The Pirate Scummy (Charlotte Senders ’18) sings out during a Reunion event in May.
The Pirate Scummy (Charlotte Senders ’18) sings out during a Reunion event in May. photo: Scott Lapham
Student Life

Arrrcappella Anniversary
The Pirates turn 20

By Jack Brook ’19 / September/October 2019
September 9th, 2019

Before he became the Dread Pirate Roberts, the most notorious of all a capella leaders to sail the high seas, Sam Kusnetz ’02 was a landlubber rigging ropes in theater productions around campus. Working alongside Jarrett Byrnes ’01, the man who would eventually take the name of Redbeard, Roberts realized how similar his job hoisting, tugging, and knotting ropes was to a sailor’s craft. This insight inspired Roberts and Redbeard to found the Pirates a capella group, which, after gaining its sea legs, is now celebrating its 20th anniversary. 

“We felt there was not a sufficient representation of the ridiculous amongst the a cappella scene,” recalls Roberts, who now does sound design for off-Broadway plays.

The Pirates crew is typically composed of around 15 hands, all of whom know each other only by their sea names: Triple Nipple Jones, Old Navy Johns, Sir Cumference, Shark Fin the Well Seasoned, and so on. As some old-timers admit, the Pirates are a hardy lot more gifted in volume than pitch when they sing their traditional sea shanties and Irish folk songs, but they are certainly carried by their unabashed embrace of frivolity.

“We do tend to occasionally forget the words to songs, so we try and encourage lots of audience participation,” says current captain Lady de Plank (Isabel Shaw ’20). 

They perform a few times each semester, ending shows with the legendary sing-a-long “All For Me Grog.”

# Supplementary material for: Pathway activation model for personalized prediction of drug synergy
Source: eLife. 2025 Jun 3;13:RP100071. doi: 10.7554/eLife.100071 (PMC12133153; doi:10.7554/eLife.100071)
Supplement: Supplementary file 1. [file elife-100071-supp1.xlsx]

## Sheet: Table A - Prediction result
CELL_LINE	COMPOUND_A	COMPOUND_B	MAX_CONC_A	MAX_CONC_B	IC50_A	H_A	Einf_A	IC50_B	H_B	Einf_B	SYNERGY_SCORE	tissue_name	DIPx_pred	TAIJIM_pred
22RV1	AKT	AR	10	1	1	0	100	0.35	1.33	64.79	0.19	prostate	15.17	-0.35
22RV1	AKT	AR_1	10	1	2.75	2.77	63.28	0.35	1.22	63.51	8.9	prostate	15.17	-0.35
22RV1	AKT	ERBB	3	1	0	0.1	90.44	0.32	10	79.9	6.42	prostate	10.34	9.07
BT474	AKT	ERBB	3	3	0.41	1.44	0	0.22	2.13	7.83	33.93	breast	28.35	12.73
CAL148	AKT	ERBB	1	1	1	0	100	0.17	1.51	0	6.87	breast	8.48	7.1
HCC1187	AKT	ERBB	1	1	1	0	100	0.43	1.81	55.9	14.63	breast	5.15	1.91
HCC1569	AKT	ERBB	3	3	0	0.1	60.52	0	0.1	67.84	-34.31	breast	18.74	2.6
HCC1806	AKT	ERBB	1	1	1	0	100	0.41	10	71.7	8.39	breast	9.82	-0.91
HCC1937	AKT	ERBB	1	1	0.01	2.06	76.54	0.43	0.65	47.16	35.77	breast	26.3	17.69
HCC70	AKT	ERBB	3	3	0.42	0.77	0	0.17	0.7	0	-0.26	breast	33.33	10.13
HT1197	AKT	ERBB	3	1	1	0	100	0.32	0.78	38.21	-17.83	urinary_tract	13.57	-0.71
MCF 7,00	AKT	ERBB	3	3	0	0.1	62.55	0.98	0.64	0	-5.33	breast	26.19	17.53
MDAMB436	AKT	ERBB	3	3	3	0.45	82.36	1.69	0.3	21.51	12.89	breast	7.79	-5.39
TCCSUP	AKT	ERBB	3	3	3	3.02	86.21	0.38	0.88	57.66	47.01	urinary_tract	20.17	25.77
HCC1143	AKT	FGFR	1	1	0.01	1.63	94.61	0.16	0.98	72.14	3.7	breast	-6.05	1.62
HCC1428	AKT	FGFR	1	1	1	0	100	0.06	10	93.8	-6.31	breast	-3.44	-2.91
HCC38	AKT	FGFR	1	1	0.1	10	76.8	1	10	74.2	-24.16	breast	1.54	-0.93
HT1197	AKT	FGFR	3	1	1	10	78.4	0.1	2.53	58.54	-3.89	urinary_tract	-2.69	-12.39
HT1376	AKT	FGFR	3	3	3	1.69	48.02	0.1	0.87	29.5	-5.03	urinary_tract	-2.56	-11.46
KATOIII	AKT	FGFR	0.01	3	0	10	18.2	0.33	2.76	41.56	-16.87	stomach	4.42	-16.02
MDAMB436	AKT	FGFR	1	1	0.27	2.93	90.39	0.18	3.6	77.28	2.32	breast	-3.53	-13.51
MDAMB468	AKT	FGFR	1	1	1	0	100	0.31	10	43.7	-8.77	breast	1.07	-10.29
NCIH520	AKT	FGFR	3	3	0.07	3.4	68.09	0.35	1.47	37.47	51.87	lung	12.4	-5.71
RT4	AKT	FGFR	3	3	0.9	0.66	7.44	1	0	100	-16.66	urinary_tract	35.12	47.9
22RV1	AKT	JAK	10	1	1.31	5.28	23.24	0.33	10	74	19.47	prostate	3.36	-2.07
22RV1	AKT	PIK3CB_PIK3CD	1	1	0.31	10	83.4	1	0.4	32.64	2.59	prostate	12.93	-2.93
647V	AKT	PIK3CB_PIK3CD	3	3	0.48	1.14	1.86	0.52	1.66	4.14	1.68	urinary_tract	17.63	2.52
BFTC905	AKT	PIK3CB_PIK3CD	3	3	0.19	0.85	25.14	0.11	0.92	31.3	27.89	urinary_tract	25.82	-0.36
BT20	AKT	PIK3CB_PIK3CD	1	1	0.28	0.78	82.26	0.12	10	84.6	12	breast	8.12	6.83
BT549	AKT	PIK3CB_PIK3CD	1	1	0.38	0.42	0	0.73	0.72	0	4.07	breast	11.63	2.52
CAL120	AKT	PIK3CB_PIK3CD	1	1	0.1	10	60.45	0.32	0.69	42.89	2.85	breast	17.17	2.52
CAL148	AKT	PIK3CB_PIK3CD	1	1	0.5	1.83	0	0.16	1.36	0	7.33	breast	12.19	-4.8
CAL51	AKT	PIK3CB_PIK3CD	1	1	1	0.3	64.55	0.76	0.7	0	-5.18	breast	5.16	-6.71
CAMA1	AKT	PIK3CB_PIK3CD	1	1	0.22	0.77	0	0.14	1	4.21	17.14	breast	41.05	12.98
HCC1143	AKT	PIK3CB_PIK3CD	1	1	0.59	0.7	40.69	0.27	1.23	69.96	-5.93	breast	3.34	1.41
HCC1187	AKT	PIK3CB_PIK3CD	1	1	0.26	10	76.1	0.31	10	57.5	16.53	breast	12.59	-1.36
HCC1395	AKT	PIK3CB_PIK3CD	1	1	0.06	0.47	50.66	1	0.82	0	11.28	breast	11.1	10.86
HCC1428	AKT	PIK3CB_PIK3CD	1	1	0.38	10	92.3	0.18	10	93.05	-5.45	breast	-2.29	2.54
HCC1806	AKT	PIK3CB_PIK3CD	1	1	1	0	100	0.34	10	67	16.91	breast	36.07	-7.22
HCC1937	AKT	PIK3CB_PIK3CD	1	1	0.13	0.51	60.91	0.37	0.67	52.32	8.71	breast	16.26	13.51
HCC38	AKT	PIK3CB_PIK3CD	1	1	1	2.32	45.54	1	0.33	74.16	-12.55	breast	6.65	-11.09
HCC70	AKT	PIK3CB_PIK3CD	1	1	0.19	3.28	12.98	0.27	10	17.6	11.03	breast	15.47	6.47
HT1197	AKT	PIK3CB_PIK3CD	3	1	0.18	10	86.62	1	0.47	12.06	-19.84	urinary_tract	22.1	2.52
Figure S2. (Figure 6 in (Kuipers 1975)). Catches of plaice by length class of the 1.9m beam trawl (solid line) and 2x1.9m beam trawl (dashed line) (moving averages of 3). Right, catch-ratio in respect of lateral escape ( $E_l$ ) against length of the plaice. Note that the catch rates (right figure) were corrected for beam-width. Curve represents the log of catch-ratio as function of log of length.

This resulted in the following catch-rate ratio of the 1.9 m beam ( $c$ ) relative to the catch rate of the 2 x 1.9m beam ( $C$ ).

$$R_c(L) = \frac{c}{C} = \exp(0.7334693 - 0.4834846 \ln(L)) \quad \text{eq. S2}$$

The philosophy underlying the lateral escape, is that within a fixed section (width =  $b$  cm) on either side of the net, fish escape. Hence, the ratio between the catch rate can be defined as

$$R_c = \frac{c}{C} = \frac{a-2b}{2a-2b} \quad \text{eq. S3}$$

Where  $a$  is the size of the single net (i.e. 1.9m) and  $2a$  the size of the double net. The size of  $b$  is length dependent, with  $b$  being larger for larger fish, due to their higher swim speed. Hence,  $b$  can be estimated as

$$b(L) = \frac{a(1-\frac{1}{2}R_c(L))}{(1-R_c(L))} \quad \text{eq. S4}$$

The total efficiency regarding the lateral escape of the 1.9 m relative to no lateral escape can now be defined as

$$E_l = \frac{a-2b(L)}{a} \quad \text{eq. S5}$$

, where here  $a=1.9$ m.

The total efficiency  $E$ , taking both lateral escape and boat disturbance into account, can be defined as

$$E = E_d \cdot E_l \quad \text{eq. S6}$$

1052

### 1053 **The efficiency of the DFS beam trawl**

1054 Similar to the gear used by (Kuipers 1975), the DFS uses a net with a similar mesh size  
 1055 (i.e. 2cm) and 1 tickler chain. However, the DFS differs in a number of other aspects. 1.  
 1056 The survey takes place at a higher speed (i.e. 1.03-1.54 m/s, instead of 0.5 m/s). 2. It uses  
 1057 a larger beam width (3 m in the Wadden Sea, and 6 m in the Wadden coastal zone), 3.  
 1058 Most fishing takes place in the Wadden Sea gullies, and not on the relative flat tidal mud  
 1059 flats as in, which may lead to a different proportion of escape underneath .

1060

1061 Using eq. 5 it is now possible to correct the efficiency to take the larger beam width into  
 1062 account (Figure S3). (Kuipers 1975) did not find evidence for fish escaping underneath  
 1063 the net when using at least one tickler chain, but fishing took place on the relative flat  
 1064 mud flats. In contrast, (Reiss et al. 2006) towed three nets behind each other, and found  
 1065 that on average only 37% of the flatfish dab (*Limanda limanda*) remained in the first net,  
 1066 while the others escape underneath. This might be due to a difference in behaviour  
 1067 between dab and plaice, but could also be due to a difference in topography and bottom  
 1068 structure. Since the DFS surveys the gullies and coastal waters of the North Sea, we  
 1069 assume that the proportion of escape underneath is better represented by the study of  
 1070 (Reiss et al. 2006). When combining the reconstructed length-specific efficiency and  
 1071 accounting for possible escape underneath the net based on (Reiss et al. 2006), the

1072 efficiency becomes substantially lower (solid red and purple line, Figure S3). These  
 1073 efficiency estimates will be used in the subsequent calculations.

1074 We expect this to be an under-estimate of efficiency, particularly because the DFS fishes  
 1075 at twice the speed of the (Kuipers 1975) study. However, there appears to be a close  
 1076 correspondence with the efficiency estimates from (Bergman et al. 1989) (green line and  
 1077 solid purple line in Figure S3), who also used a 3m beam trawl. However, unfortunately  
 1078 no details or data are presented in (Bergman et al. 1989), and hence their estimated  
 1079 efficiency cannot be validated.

Pirates lore is laden with traditions. For one, the Booty Master a.k.a. group treasurer hides a chest in their dorm room containing the club’s fundraising proceeds—kept in “doubloons” a.k.a. $1 coins. And each semester when a new captain is selected they must recite the names of all previous captains in the “passing of the hat” ceremony. 

While Roberts notes it is important not to romanticize piracy—most pirates were, after all, rapists and murderers—he says he nevertheless admires the egalitarianism of 17th century pirates, where women and people of color were often accepted and everyone was given a voice in affairs after pledging to a code of honesty. The modern Pirates have their own honor code: to behave “in a preposterous and silly manner,” Roberts says. 

“We have a strict no murdering or raping policy, but we will pillage on occasion.” 

Many old salts and scurvy scoundrels may have put away their cutlasses after graduation but they have not lost touch with their piratical inclinations and will respond to the call of the Jolly Roger when it’s hoisted. Every five years, alumni and current crew rent a house together and spend a weekend rejoicing, singing, and searching for buried treasure.

For former captain Trollop (Tracy Hadden Loh ’04), many of her best friends came from the crew. She even met her future husband—the pirate Half Ass (Josh Loh ’03)—during arrrditions her freshman year.

“There is no way I could have known it in advance but it turned out to be the most important part of my Brown experience,” Trollop says. “It was great for forming lasting relationships because it was this group that was founded in the spirit of fun.”

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Related Issue
September/October 2019